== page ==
It is, however, very much a co-op game and almost impossible to play in single player. If you don't have another kiwi bud to hand, your options are either to hotswap between the two kiwis yourself, or pilot them both at the same time, neither of which is at all practical. That's fine; it is primarily a co-op game after all, much like It Takes Two or A Way Out. Less fine is that it doesn't appear to have in-game voice chat if you're playing online. Talking isn't necessary in all co-op games (look at Journey, for example) but some kind of direct communication is definitely necessary for KeyWe. You'll often have to do things like jump on different keys at the same time, and experiments with timed squawks were unhelpful. Couch co-op is definfitely the optimum way to play.
Even if you are playing this next to your bestie on the sofa, though, KeyWe tips into being frustrating a bit too often to be properly joyous. There'll be at least one mini-game that you just dread coming round to on the Telepost's calendar, and dollars to donuts I'll bet you it's the telegram messages, which is basically typing, but typing very, very slowly, like you're someone's gran on a Nokia 3310. The seasonal remixes of this particular mini-game don't help to gee it up, either, and if anything just made it even more irritating. At one point, after finishing a particularly gruelling telegram, my co-op partner turned to me and said, "This makes me sad". Which is not ideal. And to play the campaign you have to do a few of these a month. My heart sank every time they came up.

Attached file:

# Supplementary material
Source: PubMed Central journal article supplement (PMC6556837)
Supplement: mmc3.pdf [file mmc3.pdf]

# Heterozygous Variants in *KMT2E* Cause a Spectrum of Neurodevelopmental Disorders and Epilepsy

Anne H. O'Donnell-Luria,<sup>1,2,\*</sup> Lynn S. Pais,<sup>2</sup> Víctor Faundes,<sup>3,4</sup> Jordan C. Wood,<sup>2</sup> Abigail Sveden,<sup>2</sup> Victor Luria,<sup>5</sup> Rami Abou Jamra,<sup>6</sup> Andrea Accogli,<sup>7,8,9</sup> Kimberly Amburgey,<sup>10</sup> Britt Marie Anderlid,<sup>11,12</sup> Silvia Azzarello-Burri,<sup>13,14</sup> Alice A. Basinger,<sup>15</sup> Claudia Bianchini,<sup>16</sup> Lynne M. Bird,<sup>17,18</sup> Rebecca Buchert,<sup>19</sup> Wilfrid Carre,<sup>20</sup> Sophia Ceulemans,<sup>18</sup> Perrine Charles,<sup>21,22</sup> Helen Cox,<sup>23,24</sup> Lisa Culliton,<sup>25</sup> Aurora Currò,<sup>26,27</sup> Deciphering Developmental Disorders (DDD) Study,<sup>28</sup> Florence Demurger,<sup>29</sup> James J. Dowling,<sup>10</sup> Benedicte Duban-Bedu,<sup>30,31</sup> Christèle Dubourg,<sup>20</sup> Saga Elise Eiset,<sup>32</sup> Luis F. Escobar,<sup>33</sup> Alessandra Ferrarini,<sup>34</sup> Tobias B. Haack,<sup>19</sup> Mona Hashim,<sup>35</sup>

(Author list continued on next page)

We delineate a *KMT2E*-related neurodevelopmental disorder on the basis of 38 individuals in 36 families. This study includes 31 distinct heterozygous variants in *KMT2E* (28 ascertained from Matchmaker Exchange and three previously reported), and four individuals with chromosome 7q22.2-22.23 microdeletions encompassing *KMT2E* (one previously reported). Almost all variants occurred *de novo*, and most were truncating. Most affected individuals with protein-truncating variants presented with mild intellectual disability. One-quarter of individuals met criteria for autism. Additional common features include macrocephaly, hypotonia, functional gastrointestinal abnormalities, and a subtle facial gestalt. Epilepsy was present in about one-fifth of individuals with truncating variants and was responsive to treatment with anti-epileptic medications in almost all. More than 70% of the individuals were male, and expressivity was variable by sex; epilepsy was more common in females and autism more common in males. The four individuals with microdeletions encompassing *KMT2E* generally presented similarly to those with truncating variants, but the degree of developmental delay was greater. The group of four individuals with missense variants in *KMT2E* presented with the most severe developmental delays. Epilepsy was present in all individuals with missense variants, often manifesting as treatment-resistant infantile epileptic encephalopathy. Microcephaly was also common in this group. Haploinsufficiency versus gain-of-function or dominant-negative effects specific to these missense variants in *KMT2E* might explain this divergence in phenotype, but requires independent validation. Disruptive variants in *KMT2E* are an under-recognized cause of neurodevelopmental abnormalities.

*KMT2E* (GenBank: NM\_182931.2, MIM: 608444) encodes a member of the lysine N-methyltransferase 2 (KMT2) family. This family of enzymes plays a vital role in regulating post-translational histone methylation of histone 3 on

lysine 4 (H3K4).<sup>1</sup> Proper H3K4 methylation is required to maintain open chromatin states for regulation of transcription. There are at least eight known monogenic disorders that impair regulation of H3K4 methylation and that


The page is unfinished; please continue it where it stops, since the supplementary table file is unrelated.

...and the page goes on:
The telegram messages weren't the only thing I came to dread either. Even KeyWe's more enjoyable core games will reliably get a wacky addition at least once per season that renders them more agonising than agreeable. Like the time the mailroom was replaced with a flooded basement and we had to sokoban the parcels out by moving floating debris. In fact, the most fun mini-games are to be found in the game's Overtime section, a collection of non-standard extra games you can play to earn more stamps. These include feeding the demanding cassowary staff, or patching up leaks from the octopus tank, or getting in a snowball fight, and they're often races to stack up as many points possible in the allotted time. They're also more directly co-operative co-op puzzles, and feel more lighthearted in the process. Ideally overtime should never be the most enjoyable part of your job, but so it goes with KeyWe.
Ultimately, KeyWe is one of those games that I have to add qualifications to if someone asks if I enjoy it. It's a "fun, but-" kind of game. I wish it wasn't, because underneath the annoyances are some really lovely, imaginative details. The Telepost gets different decorations for different times of year. There are mysterious collectibles to find and store in your little kiwi nest hole. The cassowaries wear halloween costumes. The notes that come with packages to send out are often funny. The kiwis are really cute! But...